Veepstakes

This year’s electoral process is almost at the point where candidates should start talking about choosing running mates.  The post of vice-president is an endless source of humor and intrigue, of course. One of its previous incumbents described it as “not worth a bucket of warm spit,” but, being a Texan, he did not in fact say “spit.”  Other quotations on the subject range from caustic to ghoulish. 

 

But anyway, there seem to be two schools of thought, closely paralleling theories about dating and marriage:  opposites attract, or birds of a feather flock together.  The best argument for the latter position is that the voters have chosen a candidate with a particular set of beliefs, proposals, and characteristics.  If that candidate should happen  to leave office before the end of his term for any reason, those voters are entitled to someone as similar as possible to what they voted for in the first place.  This was the mindset that brought us the Nixon-Agnew ticket.

 

The best argument for the “opposites attract” position is, of course, the purely tactical one of “ticket-balancing” to attract the largest number of voters and the largest quantity of popular support.  From the voters’ point of view, it posits that what they are entitled to is at least somebody minimally offensive on the ticket in one spot or the other.

 

It seems obvious that McCain needs somebody young and healthy.  But nature has a nasty sense of humor, and young, healthy people die all the time, from one or another cause. McCain, judging from the hardships of his earlier life, may be a hard man to kill. So what he may need, from a purely political point of view, is a party regular, or a religious conservative.  Huckabee, say.  Who has the added advantage of seeming a lot more mellow than McCain.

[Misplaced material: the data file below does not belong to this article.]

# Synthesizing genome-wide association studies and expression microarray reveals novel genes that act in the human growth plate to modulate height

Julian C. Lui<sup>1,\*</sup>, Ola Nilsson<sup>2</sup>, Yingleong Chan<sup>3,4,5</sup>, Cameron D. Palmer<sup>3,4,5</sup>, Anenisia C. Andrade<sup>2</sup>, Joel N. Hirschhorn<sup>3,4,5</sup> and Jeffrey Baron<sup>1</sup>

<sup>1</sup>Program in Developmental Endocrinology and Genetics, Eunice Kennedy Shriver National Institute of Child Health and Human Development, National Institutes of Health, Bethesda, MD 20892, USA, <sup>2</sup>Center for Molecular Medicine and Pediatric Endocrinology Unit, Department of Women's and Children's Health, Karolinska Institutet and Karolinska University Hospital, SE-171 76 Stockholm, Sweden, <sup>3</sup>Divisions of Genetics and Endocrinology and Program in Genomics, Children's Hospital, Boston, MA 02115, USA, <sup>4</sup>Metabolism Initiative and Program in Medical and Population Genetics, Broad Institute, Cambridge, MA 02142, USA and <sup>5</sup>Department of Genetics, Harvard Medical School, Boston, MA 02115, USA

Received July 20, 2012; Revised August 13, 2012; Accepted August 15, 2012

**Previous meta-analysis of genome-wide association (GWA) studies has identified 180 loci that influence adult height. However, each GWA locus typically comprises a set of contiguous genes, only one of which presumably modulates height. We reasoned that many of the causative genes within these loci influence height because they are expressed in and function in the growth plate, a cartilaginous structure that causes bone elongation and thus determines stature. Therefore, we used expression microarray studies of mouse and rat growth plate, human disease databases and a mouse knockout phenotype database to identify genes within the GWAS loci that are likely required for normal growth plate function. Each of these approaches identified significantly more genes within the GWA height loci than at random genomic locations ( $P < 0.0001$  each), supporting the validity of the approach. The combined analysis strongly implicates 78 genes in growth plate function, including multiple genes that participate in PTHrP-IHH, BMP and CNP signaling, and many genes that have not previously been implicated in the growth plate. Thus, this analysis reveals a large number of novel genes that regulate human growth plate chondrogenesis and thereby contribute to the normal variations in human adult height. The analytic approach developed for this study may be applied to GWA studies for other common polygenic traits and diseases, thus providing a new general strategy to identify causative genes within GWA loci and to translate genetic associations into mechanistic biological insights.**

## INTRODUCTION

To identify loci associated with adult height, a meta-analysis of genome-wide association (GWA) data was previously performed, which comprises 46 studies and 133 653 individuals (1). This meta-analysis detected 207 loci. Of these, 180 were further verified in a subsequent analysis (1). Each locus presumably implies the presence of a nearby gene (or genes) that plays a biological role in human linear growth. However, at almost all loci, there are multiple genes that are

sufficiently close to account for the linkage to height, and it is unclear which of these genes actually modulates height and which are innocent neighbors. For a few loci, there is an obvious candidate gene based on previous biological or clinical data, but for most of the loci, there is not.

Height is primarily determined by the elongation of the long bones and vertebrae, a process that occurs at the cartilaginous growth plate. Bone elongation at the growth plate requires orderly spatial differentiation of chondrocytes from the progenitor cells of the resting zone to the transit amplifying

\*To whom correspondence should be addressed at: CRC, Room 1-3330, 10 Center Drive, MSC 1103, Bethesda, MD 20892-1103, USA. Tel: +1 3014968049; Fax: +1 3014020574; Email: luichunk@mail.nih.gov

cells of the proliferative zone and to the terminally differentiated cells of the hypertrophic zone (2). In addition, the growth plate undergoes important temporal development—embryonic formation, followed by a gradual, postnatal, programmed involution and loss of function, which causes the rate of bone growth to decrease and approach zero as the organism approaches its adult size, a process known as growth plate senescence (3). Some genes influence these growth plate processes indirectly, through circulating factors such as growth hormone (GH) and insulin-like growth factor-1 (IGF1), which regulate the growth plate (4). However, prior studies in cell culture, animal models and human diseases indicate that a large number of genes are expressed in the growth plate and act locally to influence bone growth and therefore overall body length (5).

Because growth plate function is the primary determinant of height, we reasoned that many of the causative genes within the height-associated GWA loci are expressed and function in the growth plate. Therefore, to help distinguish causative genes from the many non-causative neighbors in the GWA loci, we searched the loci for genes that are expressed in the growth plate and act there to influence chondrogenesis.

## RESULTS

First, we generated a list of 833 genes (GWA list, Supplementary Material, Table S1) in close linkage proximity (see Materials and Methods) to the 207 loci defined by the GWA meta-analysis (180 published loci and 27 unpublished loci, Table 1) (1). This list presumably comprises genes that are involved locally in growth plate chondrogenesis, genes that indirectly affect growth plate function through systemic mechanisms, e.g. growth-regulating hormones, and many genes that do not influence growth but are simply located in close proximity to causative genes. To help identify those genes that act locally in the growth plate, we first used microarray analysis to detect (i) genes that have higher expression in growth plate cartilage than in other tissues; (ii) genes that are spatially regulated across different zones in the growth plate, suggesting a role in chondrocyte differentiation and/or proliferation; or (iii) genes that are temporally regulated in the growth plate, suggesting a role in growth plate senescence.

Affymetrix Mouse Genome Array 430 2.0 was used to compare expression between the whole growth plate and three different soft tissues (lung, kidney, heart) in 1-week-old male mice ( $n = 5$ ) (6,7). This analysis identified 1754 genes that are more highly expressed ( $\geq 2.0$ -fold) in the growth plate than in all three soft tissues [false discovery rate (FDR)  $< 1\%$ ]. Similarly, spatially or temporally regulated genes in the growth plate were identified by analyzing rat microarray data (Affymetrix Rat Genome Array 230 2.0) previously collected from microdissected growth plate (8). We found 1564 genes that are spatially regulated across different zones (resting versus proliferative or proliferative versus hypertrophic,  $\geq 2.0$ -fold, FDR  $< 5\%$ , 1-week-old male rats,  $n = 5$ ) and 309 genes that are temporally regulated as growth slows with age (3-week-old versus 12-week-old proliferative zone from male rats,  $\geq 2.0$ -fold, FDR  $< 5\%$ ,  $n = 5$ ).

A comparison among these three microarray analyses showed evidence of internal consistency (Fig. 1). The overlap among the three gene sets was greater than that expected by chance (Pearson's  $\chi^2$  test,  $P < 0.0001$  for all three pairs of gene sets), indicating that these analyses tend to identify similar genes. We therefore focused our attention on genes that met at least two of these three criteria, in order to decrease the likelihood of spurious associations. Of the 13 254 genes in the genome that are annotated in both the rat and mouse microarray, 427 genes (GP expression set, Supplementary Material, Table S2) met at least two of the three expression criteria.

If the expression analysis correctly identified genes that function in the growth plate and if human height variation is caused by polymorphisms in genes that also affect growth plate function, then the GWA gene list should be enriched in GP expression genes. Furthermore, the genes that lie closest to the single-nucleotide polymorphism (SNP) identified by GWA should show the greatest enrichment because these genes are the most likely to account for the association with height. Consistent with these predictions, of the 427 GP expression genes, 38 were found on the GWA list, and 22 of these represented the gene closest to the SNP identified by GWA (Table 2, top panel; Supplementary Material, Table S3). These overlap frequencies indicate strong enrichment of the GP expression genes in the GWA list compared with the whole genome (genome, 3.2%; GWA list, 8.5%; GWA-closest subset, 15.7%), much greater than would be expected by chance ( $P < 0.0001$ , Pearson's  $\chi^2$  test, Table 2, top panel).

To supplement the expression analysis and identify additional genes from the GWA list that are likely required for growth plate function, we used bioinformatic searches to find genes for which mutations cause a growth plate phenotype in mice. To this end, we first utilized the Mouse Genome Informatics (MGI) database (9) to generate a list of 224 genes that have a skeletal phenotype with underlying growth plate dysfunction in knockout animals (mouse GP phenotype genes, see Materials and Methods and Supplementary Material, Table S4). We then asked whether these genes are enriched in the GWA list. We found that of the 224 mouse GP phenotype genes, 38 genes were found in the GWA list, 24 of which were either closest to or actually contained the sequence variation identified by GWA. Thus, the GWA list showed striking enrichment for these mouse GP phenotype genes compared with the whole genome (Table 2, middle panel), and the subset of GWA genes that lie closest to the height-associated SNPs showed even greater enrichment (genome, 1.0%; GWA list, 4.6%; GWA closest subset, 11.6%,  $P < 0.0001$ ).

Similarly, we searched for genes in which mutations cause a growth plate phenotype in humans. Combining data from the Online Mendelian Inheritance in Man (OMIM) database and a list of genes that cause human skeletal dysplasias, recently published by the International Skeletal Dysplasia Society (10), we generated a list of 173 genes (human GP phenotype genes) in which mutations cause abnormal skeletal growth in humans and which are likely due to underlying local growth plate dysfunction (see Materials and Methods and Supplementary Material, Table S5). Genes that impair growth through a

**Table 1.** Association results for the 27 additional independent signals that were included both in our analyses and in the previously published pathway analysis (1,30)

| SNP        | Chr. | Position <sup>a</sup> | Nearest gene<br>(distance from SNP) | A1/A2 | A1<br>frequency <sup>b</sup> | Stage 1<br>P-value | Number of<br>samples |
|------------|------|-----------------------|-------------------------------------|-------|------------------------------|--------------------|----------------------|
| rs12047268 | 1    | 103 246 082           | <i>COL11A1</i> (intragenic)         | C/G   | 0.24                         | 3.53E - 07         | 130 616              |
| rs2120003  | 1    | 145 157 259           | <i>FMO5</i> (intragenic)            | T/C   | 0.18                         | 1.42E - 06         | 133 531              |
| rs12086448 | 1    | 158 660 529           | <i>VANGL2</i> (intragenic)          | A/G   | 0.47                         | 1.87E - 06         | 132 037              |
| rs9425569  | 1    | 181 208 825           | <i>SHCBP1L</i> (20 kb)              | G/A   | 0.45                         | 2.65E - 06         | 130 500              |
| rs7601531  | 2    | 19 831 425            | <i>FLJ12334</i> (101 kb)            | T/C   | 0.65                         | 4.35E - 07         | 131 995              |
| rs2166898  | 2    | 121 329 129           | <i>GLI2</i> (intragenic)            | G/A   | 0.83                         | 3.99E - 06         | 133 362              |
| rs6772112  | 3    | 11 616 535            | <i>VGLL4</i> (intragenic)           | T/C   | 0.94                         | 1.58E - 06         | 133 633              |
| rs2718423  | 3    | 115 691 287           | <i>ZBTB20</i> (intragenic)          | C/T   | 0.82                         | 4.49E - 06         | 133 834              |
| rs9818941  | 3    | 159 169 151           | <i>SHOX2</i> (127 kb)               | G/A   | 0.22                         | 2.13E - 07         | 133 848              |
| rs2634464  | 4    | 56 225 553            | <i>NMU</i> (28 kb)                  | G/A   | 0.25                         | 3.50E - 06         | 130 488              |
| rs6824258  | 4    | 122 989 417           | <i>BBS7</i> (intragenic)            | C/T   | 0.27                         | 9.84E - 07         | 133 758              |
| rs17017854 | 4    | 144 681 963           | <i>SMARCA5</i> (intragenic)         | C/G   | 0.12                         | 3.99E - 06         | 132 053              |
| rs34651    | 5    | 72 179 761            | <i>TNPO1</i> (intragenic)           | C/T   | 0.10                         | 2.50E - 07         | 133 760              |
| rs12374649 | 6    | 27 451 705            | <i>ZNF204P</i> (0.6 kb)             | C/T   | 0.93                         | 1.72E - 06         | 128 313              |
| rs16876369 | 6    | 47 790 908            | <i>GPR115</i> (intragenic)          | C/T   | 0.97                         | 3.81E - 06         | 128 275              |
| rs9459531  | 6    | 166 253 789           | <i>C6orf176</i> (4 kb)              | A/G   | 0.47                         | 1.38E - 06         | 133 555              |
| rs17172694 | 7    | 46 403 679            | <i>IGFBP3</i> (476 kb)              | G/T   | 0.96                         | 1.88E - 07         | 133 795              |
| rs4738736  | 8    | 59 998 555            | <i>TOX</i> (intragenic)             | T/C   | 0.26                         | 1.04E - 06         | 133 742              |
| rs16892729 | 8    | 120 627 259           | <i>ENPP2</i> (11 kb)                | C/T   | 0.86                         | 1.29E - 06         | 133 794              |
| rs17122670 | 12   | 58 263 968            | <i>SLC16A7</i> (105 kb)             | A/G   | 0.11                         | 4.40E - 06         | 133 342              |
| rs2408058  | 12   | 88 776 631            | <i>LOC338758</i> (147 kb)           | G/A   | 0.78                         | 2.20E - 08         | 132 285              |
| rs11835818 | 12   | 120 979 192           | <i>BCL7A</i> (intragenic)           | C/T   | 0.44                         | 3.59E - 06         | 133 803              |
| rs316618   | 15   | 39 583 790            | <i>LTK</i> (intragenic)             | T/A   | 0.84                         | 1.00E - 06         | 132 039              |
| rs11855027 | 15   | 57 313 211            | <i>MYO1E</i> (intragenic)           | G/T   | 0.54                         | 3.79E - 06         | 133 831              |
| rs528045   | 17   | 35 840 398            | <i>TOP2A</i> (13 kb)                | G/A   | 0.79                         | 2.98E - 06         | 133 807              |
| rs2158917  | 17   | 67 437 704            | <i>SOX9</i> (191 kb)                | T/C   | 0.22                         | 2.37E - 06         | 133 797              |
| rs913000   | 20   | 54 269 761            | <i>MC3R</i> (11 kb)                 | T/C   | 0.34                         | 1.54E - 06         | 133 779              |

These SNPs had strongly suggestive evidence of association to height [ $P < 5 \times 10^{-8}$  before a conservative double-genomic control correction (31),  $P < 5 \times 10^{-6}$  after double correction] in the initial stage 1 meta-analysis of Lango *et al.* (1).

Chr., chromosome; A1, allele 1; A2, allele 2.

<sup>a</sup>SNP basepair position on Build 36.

From that same ghoulish perspective, Obama may need somebody who does not travel with him, and who wears Kevlar(tm) underwear.  But from a more logical political standpoint, he needs somebody white and politically seasoned, preferably a Southerner.  Edwards comes immediately to mind, but chances are he’s not interesting in running for the second spot twice.

 

In the unlikely but still not impossible event that Clinton is the Democratic candidate, her obvious choice is Obama, who could use the seasoning for a later run.  He has plenty of time, after all.   If he declines, her next best bet is a current or former governor, preferably Southern.  Mark Warner of Virginia, for instance, who has the added advantages of being Catholic, anti-abortion and anti-death-penalty.

 

Obama and McCain might both be well-advised to consider women, preferably  governors.  Secretary of State Condi Rice’s name turns up in these discussions as a possible running mate for McCain, but one suspects she would not be interested.  Senator Liddy Dole tried a run earlier, but might still be interested.  Sarah Palin of Alaska, who is a Republican and one of the youngest female governors ever, has a lot to recommend her.  The list of current Democratic female governors is too long to insert here, but take a look at http://en.wikipedia.org/wiki/List_of_female_state_governors_in_the_United_States for

the true word on the subject.  Obama might also want to consider Senator Barbara Mikulski of Maryland, for her possible appeal to the white ethnic vote.

 

Any other bright ideas out there?

 

Jane Grey

 

 

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